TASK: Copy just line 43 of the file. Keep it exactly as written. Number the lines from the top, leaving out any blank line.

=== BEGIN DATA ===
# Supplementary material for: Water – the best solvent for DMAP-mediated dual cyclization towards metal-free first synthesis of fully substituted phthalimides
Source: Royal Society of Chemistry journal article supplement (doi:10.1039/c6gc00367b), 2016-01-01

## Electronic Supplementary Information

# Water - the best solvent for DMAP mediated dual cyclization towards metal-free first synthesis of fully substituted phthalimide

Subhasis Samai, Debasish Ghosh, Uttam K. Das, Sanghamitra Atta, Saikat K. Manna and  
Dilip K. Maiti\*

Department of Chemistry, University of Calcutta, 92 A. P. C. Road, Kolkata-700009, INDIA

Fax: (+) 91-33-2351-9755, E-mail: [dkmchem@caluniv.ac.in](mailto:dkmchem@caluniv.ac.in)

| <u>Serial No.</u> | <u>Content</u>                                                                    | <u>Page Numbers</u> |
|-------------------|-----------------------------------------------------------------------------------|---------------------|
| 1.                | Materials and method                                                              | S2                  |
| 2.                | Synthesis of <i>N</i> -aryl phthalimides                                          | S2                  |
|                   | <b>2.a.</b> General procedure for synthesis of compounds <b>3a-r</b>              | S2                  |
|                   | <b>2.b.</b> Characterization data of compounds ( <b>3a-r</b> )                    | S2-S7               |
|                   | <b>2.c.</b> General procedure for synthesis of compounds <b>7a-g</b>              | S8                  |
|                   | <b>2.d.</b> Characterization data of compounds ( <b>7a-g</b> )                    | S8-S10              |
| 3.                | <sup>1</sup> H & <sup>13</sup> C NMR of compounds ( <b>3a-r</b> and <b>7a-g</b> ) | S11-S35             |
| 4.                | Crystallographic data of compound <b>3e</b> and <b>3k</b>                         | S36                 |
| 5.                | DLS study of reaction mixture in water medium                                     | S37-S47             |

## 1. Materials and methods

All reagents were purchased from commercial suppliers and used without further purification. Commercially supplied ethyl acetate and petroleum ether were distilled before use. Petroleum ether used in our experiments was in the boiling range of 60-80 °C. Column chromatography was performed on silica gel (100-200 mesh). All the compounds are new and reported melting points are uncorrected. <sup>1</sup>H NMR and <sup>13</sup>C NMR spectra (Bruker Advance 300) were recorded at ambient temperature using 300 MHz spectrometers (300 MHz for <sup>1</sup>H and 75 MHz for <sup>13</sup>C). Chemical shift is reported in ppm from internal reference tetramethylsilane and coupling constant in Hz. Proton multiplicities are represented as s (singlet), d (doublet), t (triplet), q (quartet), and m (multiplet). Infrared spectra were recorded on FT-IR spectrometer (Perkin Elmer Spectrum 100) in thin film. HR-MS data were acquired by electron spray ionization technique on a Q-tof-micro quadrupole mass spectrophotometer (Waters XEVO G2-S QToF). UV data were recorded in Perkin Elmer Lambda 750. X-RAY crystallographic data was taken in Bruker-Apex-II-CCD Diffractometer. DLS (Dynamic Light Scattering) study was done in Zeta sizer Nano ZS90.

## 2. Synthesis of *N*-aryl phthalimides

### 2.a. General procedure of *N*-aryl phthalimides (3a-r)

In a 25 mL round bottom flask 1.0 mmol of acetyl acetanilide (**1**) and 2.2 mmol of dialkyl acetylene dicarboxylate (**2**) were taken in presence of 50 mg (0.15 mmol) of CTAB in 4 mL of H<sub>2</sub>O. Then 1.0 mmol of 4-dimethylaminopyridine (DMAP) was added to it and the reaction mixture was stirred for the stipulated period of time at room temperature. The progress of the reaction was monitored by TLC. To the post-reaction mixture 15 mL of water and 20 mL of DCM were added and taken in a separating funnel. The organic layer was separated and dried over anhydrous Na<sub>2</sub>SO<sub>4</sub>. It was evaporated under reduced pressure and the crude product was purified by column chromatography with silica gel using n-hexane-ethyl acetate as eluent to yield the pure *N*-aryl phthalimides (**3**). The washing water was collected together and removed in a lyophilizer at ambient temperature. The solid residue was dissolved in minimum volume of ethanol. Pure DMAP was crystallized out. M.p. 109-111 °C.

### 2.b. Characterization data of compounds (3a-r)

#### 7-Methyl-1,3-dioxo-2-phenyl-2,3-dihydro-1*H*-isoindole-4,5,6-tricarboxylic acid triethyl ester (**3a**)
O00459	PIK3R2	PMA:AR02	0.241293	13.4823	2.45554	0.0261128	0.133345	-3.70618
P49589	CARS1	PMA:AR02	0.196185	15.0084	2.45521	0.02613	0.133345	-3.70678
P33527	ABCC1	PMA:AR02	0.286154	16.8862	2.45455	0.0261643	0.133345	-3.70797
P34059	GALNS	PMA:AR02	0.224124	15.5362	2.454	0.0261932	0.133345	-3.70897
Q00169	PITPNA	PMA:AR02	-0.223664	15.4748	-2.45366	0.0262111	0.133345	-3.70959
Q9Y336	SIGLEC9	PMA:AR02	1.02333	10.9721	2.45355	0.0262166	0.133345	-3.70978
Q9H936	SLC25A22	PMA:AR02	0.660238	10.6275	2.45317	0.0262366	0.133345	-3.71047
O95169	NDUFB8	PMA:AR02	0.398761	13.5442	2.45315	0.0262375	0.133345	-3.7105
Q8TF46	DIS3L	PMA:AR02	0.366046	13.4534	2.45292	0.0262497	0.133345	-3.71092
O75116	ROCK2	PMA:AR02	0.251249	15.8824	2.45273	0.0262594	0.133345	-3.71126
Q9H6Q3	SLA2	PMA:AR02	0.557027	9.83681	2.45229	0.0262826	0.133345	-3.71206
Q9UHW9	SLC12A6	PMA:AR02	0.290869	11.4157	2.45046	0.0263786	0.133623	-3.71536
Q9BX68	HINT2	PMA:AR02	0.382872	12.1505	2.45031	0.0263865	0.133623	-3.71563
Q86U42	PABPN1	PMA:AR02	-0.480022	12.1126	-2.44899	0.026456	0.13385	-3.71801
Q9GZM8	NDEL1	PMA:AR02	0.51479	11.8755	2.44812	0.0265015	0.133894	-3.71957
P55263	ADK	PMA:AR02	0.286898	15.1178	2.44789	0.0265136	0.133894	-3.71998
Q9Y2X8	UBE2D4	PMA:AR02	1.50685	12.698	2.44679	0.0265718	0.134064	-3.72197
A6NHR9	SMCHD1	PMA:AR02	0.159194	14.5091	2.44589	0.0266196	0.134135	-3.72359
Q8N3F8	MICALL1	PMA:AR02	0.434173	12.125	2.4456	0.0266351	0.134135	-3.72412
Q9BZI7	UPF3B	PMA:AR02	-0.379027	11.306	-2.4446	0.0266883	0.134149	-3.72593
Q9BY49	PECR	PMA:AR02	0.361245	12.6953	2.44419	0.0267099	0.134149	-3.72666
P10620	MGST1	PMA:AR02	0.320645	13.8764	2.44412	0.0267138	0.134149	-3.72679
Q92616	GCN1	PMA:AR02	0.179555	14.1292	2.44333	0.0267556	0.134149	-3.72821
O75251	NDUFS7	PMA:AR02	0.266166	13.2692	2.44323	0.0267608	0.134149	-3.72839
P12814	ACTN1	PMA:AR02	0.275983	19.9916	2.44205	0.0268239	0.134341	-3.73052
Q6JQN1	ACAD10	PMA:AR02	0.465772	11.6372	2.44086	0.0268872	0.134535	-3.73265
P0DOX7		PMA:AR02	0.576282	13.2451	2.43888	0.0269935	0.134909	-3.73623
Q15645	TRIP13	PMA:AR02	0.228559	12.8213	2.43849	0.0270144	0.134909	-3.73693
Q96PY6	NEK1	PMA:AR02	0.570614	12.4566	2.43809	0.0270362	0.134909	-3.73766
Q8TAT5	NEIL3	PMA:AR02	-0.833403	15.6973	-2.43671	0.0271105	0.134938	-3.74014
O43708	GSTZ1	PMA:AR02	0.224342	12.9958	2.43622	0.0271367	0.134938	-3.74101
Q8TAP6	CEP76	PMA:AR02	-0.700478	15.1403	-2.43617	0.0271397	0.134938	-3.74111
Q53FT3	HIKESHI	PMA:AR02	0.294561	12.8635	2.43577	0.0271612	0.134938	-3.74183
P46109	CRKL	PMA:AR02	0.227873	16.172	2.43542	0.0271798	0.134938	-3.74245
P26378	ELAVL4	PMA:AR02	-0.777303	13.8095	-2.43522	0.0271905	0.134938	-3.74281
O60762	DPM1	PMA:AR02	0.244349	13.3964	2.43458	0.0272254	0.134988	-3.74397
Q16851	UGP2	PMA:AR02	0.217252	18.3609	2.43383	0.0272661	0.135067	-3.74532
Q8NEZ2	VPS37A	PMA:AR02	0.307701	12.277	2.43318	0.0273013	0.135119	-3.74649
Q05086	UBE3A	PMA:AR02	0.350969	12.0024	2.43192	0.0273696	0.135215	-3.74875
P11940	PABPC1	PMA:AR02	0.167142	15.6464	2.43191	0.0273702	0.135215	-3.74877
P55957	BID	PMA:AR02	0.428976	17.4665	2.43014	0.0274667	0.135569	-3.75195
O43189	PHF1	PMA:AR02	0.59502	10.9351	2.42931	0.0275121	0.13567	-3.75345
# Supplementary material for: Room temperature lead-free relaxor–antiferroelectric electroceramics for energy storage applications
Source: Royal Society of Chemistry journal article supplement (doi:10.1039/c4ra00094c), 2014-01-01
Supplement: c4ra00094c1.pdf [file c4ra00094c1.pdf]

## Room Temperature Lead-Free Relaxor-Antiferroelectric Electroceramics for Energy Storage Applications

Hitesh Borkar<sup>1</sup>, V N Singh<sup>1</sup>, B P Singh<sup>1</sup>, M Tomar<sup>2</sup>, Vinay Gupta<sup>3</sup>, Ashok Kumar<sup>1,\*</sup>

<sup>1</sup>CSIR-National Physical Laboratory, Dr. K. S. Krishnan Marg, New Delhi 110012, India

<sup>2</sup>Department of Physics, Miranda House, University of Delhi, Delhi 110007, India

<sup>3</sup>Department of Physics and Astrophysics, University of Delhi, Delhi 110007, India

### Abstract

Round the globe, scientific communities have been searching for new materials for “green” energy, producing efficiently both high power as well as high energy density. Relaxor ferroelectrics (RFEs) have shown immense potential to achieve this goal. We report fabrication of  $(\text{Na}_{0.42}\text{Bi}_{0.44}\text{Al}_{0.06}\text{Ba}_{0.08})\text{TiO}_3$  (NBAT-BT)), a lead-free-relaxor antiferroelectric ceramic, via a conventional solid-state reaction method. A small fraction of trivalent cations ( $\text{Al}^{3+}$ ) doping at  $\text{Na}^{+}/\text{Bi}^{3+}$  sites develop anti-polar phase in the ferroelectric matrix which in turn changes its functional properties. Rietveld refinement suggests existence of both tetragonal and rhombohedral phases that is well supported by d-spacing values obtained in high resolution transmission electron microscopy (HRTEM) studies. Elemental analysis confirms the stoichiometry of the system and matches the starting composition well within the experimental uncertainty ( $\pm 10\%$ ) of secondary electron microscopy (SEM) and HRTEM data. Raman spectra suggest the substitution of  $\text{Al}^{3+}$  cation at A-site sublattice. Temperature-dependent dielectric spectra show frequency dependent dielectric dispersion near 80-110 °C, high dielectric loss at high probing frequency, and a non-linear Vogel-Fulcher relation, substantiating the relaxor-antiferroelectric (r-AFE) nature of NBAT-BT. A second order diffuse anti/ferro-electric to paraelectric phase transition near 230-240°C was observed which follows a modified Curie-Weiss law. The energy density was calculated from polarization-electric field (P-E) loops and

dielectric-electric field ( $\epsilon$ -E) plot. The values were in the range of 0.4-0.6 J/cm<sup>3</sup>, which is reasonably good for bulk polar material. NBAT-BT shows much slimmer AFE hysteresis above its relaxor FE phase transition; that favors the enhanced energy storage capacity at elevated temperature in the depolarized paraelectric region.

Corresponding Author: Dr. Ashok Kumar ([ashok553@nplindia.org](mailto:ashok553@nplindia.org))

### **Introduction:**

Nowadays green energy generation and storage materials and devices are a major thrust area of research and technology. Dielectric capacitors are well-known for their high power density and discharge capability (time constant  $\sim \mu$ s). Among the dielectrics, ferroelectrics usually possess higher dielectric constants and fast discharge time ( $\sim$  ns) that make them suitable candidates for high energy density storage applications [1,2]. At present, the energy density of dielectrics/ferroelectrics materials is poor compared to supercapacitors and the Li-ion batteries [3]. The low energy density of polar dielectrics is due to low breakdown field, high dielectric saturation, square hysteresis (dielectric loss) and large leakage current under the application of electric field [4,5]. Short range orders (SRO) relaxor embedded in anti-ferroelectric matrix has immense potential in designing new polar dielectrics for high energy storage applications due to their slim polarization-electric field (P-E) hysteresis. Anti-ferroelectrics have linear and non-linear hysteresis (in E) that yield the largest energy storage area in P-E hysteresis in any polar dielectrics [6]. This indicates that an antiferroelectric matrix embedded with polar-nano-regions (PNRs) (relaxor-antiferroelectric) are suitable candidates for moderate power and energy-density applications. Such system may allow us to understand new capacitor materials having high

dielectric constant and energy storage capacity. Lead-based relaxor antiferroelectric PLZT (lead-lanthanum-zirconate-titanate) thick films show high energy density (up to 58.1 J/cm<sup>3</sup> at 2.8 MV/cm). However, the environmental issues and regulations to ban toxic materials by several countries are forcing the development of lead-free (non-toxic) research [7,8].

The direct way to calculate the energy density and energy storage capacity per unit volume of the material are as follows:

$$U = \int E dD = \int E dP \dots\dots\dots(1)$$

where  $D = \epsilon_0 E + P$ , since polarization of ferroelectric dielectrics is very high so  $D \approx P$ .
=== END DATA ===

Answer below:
Q9Y2X8	UBE2D4	PMA:AR02	1.50685	12.698	2.44679	0.0265718	0.134064	-3.72197